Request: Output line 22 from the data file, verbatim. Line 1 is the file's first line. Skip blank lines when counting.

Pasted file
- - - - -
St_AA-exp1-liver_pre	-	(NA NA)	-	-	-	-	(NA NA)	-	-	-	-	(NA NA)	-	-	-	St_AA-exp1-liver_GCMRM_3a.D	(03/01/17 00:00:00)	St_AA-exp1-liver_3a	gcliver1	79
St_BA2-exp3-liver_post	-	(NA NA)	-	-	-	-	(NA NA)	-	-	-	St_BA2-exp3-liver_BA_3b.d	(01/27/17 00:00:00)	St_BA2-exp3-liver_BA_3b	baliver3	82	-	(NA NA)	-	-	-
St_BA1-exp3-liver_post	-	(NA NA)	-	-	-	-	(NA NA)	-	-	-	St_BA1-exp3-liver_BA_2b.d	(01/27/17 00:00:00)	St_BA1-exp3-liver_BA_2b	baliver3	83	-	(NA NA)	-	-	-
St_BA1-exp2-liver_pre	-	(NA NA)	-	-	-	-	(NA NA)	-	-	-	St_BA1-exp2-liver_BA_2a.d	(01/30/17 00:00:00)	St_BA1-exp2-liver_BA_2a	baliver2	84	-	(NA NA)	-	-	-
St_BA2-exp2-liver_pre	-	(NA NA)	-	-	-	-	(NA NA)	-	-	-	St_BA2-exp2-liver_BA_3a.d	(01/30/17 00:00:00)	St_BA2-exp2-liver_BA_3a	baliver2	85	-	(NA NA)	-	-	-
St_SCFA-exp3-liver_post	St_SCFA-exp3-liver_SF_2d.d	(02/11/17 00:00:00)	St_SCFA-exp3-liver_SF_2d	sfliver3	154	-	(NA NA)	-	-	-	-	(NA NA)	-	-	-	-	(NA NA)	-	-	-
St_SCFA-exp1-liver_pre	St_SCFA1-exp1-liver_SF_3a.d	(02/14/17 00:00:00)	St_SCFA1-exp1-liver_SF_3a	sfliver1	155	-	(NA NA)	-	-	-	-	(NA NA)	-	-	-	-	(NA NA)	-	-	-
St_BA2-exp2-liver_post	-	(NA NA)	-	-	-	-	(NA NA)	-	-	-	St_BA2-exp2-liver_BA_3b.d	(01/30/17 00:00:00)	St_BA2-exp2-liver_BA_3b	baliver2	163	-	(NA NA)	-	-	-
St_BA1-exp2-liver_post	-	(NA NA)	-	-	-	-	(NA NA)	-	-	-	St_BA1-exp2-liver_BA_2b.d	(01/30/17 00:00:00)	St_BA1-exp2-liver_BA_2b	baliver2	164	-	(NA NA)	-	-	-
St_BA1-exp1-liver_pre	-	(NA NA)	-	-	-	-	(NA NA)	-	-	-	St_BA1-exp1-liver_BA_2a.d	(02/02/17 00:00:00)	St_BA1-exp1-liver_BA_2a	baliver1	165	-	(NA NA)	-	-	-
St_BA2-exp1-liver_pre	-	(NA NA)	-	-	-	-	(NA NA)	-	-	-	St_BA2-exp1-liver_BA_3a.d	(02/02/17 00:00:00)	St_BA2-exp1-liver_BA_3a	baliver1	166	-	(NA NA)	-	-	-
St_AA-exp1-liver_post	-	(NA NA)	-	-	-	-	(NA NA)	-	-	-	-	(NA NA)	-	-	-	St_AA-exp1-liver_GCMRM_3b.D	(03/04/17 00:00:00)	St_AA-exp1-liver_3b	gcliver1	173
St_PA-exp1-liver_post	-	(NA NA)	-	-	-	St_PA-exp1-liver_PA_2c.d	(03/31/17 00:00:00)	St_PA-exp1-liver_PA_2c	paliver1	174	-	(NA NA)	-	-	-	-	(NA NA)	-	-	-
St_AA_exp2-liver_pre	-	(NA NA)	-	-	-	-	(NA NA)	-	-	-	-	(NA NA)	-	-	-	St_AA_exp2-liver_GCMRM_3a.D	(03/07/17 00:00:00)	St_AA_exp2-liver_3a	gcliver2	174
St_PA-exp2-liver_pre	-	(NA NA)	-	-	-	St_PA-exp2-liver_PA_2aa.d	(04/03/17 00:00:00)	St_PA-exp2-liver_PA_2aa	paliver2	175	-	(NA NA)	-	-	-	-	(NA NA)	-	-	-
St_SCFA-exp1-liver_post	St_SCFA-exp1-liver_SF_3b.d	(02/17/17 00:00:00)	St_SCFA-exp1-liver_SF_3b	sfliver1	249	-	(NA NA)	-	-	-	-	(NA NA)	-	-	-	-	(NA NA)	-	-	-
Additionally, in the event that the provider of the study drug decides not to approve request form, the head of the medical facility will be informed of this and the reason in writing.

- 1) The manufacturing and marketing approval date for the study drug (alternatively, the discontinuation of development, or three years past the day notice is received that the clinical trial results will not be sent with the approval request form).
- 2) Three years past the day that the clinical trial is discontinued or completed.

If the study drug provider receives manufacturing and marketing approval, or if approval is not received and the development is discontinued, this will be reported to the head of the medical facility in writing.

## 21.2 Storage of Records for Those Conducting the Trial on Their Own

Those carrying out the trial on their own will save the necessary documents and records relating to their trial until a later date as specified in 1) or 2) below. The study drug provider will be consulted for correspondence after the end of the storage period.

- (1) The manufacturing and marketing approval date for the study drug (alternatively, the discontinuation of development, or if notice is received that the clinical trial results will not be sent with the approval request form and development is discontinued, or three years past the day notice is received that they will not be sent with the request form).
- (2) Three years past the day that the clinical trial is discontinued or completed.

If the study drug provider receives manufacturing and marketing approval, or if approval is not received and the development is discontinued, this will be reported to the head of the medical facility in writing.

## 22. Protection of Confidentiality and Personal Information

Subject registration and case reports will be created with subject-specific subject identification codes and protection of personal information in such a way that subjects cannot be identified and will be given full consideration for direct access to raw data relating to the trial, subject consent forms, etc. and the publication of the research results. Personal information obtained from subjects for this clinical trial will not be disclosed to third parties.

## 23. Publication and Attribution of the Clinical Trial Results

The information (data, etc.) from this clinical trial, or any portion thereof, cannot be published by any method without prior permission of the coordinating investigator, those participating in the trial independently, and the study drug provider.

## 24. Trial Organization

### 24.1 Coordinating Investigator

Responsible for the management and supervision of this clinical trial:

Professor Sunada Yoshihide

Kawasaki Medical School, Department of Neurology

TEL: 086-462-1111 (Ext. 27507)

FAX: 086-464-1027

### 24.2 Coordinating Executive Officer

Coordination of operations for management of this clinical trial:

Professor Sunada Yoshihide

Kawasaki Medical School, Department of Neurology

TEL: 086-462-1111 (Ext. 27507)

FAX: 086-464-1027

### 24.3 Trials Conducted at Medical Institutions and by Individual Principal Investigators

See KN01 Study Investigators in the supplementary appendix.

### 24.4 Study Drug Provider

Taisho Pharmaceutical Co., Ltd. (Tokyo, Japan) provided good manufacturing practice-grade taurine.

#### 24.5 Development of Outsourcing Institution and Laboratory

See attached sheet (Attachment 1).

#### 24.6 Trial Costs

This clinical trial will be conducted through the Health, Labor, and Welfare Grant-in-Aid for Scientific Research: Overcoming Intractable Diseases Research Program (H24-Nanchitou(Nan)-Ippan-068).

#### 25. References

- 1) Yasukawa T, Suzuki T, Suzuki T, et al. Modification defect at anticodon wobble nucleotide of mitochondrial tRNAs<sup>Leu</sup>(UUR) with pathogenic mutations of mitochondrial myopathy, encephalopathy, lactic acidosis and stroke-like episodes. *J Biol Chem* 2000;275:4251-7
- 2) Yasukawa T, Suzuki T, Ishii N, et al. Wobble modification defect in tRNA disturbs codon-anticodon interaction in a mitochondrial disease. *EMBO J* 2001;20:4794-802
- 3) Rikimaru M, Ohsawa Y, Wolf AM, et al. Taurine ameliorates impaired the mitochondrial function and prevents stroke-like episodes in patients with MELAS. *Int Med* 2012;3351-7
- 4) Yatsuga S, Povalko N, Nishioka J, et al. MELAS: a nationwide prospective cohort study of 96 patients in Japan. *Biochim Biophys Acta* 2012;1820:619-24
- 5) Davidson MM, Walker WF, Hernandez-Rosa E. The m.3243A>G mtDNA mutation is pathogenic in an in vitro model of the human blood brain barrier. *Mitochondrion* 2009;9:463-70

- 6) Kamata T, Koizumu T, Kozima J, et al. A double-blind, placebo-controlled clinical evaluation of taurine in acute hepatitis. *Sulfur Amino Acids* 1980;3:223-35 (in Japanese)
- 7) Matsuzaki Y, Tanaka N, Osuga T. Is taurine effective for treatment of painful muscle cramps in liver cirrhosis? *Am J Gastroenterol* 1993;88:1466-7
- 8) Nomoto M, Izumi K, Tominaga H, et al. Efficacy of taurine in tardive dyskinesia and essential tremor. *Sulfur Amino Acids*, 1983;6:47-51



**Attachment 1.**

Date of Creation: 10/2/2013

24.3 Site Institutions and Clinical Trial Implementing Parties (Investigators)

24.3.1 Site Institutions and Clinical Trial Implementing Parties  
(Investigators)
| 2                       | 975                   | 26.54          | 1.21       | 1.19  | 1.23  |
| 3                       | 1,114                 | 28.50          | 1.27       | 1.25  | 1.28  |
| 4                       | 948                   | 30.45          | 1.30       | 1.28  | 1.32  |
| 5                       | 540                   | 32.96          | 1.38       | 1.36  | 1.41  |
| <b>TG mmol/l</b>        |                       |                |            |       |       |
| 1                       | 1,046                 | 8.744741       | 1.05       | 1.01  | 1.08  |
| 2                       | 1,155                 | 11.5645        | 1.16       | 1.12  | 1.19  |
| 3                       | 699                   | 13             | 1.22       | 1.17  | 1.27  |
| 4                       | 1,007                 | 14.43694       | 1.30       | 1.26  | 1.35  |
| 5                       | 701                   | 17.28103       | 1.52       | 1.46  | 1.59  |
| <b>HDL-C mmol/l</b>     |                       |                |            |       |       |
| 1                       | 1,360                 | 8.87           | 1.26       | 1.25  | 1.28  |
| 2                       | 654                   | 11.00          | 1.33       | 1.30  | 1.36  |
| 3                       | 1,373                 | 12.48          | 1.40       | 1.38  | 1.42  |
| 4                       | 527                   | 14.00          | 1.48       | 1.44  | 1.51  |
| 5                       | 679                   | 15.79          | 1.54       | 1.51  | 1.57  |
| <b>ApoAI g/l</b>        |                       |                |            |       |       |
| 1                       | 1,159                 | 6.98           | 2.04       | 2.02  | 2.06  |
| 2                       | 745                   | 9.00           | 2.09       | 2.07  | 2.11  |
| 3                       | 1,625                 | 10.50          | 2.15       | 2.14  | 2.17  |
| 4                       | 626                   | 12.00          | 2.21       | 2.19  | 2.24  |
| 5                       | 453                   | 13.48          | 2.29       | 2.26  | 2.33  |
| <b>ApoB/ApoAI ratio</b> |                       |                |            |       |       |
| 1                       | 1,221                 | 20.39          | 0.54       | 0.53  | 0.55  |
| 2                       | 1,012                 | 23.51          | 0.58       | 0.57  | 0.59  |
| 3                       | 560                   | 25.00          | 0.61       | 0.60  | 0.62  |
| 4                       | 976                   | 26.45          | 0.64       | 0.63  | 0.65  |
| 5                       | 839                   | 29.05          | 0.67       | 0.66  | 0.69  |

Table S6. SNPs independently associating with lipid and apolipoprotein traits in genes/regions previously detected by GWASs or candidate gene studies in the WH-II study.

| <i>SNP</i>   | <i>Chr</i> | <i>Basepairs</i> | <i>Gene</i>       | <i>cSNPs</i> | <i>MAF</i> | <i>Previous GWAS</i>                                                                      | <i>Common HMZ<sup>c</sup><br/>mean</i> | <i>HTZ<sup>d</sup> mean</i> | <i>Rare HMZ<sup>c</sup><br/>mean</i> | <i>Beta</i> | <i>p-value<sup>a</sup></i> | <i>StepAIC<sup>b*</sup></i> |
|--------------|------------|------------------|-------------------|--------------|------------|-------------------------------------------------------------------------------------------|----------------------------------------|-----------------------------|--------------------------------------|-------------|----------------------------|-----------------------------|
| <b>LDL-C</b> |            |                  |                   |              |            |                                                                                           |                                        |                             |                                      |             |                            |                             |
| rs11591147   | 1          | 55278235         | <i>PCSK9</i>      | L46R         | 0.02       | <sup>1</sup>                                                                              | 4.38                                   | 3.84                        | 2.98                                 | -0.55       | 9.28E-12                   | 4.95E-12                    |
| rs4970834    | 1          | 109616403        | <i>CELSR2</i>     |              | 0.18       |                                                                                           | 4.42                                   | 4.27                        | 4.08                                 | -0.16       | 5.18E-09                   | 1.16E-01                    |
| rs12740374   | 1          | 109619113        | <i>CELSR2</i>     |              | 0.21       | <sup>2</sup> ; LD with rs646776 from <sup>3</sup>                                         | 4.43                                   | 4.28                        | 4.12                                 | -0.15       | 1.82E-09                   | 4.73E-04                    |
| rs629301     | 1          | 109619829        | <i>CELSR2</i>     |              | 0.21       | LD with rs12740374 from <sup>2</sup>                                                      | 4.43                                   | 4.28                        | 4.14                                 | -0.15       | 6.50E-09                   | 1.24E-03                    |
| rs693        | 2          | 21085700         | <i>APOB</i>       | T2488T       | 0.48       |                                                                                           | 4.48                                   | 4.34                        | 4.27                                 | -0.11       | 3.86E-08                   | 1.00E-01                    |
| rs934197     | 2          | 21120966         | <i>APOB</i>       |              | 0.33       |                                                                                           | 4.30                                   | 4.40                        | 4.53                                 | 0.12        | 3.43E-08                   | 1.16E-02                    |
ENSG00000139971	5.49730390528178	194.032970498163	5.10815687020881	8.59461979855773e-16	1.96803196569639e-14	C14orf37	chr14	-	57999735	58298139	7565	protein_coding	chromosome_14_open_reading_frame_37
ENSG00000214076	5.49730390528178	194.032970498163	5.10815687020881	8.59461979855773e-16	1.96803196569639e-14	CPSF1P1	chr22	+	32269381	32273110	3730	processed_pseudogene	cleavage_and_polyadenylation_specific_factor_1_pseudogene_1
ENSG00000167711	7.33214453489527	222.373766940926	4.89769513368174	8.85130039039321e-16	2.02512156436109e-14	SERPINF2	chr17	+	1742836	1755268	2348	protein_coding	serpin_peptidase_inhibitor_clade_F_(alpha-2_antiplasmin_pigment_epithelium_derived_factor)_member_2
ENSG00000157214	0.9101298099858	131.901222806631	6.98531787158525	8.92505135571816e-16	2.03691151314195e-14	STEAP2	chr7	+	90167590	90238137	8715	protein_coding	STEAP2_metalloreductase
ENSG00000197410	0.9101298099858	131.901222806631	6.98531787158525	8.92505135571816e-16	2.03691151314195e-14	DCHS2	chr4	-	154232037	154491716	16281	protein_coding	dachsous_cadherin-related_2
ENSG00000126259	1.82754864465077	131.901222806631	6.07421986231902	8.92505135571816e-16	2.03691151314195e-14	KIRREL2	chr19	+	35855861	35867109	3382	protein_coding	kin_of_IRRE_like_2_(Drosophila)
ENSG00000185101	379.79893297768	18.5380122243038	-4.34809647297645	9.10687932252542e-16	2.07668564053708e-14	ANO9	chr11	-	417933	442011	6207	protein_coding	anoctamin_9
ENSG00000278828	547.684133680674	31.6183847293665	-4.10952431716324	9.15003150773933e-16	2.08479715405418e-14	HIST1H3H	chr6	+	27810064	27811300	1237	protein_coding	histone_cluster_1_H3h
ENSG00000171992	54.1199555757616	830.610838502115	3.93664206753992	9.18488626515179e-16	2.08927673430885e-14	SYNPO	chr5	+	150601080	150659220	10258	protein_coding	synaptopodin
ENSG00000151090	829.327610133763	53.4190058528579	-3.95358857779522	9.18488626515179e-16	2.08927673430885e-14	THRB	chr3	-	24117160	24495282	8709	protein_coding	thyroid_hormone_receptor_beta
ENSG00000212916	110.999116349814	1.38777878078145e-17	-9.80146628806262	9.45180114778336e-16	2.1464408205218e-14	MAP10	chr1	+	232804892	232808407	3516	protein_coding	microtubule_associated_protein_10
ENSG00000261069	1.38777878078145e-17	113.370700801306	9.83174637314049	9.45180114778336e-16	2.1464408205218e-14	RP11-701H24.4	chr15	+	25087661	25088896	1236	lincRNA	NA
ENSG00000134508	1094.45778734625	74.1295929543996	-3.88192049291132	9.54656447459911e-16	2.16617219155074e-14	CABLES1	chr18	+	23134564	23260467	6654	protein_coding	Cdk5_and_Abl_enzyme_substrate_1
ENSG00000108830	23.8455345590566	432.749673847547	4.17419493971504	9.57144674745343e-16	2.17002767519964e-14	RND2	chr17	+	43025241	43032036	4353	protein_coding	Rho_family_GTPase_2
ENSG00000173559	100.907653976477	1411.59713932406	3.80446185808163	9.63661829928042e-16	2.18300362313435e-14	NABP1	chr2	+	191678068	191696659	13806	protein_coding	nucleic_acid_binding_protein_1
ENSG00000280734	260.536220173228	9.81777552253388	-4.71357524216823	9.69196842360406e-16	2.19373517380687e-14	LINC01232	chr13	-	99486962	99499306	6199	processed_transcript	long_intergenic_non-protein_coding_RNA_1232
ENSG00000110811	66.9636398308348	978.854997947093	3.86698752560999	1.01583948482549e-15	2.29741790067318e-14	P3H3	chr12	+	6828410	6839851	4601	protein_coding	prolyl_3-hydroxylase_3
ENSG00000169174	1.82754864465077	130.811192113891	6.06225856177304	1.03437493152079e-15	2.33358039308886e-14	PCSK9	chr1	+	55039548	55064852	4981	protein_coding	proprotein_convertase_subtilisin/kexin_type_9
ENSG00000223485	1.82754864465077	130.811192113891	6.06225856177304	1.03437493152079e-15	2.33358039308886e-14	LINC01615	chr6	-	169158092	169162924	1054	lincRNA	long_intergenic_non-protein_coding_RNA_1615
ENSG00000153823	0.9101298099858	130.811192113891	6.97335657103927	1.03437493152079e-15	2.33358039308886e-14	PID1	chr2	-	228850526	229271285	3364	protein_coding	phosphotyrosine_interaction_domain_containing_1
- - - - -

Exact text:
Those carrying out the trial on their own will save the necessary documents and records relating to their trial until a later date as specified in 1) or 2) below. The study drug provider will be consulted for correspondence after the end of the storage period.